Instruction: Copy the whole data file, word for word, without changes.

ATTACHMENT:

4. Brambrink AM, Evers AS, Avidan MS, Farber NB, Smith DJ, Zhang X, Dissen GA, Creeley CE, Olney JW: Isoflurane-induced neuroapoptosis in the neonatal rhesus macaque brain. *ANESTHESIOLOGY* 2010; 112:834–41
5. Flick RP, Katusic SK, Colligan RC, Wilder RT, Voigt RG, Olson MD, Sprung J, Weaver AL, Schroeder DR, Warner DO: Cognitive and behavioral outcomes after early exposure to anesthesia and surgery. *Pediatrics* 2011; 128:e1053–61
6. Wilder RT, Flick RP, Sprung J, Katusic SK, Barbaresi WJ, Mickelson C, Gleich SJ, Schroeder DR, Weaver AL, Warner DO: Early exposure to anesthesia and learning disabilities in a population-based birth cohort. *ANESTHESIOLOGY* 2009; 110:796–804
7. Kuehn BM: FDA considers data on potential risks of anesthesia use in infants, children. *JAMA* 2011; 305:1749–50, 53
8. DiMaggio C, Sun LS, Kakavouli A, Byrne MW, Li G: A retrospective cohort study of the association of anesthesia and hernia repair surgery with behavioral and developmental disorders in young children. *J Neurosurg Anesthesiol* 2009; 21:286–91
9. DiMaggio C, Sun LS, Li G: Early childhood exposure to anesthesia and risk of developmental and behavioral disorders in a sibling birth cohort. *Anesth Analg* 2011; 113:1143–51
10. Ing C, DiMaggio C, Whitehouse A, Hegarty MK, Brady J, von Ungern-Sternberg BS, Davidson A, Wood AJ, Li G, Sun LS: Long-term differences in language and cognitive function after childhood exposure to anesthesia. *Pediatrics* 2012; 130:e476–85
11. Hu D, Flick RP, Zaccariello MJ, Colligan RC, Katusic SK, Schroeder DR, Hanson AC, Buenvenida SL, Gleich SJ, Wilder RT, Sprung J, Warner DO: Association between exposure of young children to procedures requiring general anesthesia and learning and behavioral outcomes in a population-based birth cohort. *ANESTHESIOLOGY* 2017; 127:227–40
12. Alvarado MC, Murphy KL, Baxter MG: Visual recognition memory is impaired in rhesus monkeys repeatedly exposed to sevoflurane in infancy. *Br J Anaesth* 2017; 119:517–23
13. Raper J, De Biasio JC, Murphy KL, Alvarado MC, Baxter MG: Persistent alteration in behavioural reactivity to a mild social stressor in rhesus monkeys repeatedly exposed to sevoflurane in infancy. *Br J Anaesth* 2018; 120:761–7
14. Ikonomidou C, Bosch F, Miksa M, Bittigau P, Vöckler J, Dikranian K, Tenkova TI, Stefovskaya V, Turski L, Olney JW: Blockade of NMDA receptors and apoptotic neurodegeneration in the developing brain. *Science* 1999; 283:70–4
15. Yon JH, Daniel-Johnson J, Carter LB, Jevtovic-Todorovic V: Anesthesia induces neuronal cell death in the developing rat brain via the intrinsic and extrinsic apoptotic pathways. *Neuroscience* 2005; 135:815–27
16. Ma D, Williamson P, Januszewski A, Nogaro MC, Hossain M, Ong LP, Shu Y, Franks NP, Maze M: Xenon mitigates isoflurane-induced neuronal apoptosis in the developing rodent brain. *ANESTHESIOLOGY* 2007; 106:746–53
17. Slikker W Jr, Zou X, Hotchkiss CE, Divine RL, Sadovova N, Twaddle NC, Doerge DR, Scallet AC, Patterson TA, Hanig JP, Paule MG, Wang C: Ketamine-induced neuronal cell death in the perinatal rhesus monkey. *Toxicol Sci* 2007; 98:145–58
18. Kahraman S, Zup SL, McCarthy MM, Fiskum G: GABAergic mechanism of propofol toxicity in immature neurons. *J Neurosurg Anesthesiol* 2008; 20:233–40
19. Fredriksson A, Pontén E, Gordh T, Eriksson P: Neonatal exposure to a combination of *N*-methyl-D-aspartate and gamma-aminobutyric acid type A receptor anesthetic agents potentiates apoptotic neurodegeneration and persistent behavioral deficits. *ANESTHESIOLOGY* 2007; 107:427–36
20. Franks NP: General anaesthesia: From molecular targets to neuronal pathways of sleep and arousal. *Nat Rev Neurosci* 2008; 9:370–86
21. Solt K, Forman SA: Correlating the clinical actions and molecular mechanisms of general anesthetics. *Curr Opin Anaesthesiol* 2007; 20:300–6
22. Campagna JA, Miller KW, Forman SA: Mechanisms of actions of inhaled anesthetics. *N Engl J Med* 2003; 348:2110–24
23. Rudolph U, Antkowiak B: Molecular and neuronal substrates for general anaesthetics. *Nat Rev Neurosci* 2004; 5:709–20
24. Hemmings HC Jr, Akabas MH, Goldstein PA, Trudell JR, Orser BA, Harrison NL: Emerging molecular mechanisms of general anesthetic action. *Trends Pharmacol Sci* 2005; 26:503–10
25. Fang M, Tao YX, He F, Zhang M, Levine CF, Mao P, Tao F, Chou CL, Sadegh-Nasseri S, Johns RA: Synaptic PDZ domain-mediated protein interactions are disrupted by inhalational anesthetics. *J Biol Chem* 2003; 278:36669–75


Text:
4. Brambrink AM, Evers AS, Avidan MS, Farber NB, Smith DJ, Zhang X, Dissen GA, Creeley CE, Olney JW: Isoflurane-induced neuroapoptosis in the neonatal rhesus macaque brain. *ANESTHESIOLOGY* 2010; 112:834–41
5. Flick RP, Katusic SK, Colligan RC, Wilder RT, Voigt RG, Olson MD, Sprung J, Weaver AL, Schroeder DR, Warner DO: Cognitive and behavioral outcomes after early exposure to anesthesia and surgery. *Pediatrics* 2011; 128:e1053–61
6. Wilder RT, Flick RP, Sprung J, Katusic SK, Barbaresi WJ, Mickelson C, Gleich SJ, Schroeder DR, Weaver AL, Warner DO: Early exposure to anesthesia and learning disabilities in a population-based birth cohort. *ANESTHESIOLOGY* 2009; 110:796–804
7. Kuehn BM: FDA considers data on potential risks of anesthesia use in infants, children. *JAMA* 2011; 305:1749–50, 53
8. DiMaggio C, Sun LS, Kakavouli A, Byrne MW, Li G: A retrospective cohort study of the association of anesthesia and hernia repair surgery with behavioral and developmental disorders in young children. *J Neurosurg Anesthesiol* 2009; 21:286–91
9. DiMaggio C, Sun LS, Li G: Early childhood exposure to anesthesia and risk of developmental and behavioral disorders in a sibling birth cohort. *Anesth Analg* 2011; 113:1143–51
10. Ing C, DiMaggio C, Whitehouse A, Hegarty MK, Brady J, von Ungern-Sternberg BS, Davidson A, Wood AJ, Li G, Sun LS: Long-term differences in language and cognitive function after childhood exposure to anesthesia. *Pediatrics* 2012; 130:e476–85
11. Hu D, Flick RP, Zaccariello MJ, Colligan RC, Katusic SK, Schroeder DR, Hanson AC, Buenvenida SL, Gleich SJ, Wilder RT, Sprung J, Warner DO: Association between exposure of young children to procedures requiring general anesthesia and learning and behavioral outcomes in a population-based birth cohort. *ANESTHESIOLOGY* 2017; 127:227–40
12. Alvarado MC, Murphy KL, Baxter MG: Visual recognition memory is impaired in rhesus monkeys repeatedly exposed to sevoflurane in infancy. *Br J Anaesth* 2017; 119:517–23
13. Raper J, De Biasio JC, Murphy KL, Alvarado MC, Baxter MG: Persistent alteration in behavioural reactivity to a mild social stressor in rhesus monkeys repeatedly exposed to sevoflurane in infancy. *Br J Anaesth* 2018; 120:761–7
14. Ikonomidou C, Bosch F, Miksa M, Bittigau P, Vöckler J, Dikranian K, Tenkova TI, Stefovskaya V, Turski L, Olney JW: Blockade of NMDA receptors and apoptotic neurodegeneration in the developing brain. *Science* 1999; 283:70–4
15. Yon JH, Daniel-Johnson J, Carter LB, Jevtovic-Todorovic V: Anesthesia induces neuronal cell death in the developing rat brain via the intrinsic and extrinsic apoptotic pathways. *Neuroscience* 2005; 135:815–27
16. Ma D, Williamson P, Januszewski A, Nogaro MC, Hossain M, Ong LP, Shu Y, Franks NP, Maze M: Xenon mitigates isoflurane-induced neuronal apoptosis in the developing rodent brain. *ANESTHESIOLOGY* 2007; 106:746–53
17. Slikker W Jr, Zou X, Hotchkiss CE, Divine RL, Sadovova N, Twaddle NC, Doerge DR, Scallet AC, Patterson TA, Hanig JP, Paule MG, Wang C: Ketamine-induced neuronal cell death in the perinatal rhesus monkey. *Toxicol Sci* 2007; 98:145–58
18. Kahraman S, Zup SL, McCarthy MM, Fiskum G: GABAergic mechanism of propofol toxicity in immature neurons. *J Neurosurg Anesthesiol* 2008; 20:233–40
19. Fredriksson A, Pontén E, Gordh T, Eriksson P: Neonatal exposure to a combination of *N*-methyl-D-aspartate and gamma-aminobutyric acid type A receptor anesthetic agents potentiates apoptotic neurodegeneration and persistent behavioral deficits. *ANESTHESIOLOGY* 2007; 107:427–36
20. Franks NP: General anaesthesia: From molecular targets to neuronal pathways of sleep and arousal. *Nat Rev Neurosci* 2008; 9:370–86
21. Solt K, Forman SA: Correlating the clinical actions and molecular mechanisms of general anesthetics. *Curr Opin Anaesthesiol* 2007; 20:300–6
22. Campagna JA, Miller KW, Forman SA: Mechanisms of actions of inhaled anesthetics. *N Engl J Med* 2003; 348:2110–24
23. Rudolph U, Antkowiak B: Molecular and neuronal substrates for general anaesthetics. *Nat Rev Neurosci* 2004; 5:709–20
24. Hemmings HC Jr, Akabas MH, Goldstein PA, Trudell JR, Orser BA, Harrison NL: Emerging molecular mechanisms of general anesthetic action. *Trends Pharmacol Sci* 2005; 26:503–10
25. Fang M, Tao YX, He F, Zhang M, Levine CF, Mao P, Tao F, Chou CL, Sadegh-Nasseri S, Johns RA: Synaptic PDZ domain-mediated protein interactions are disrupted by inhalational anesthetics. *J Biol Chem* 2003; 278:36669–75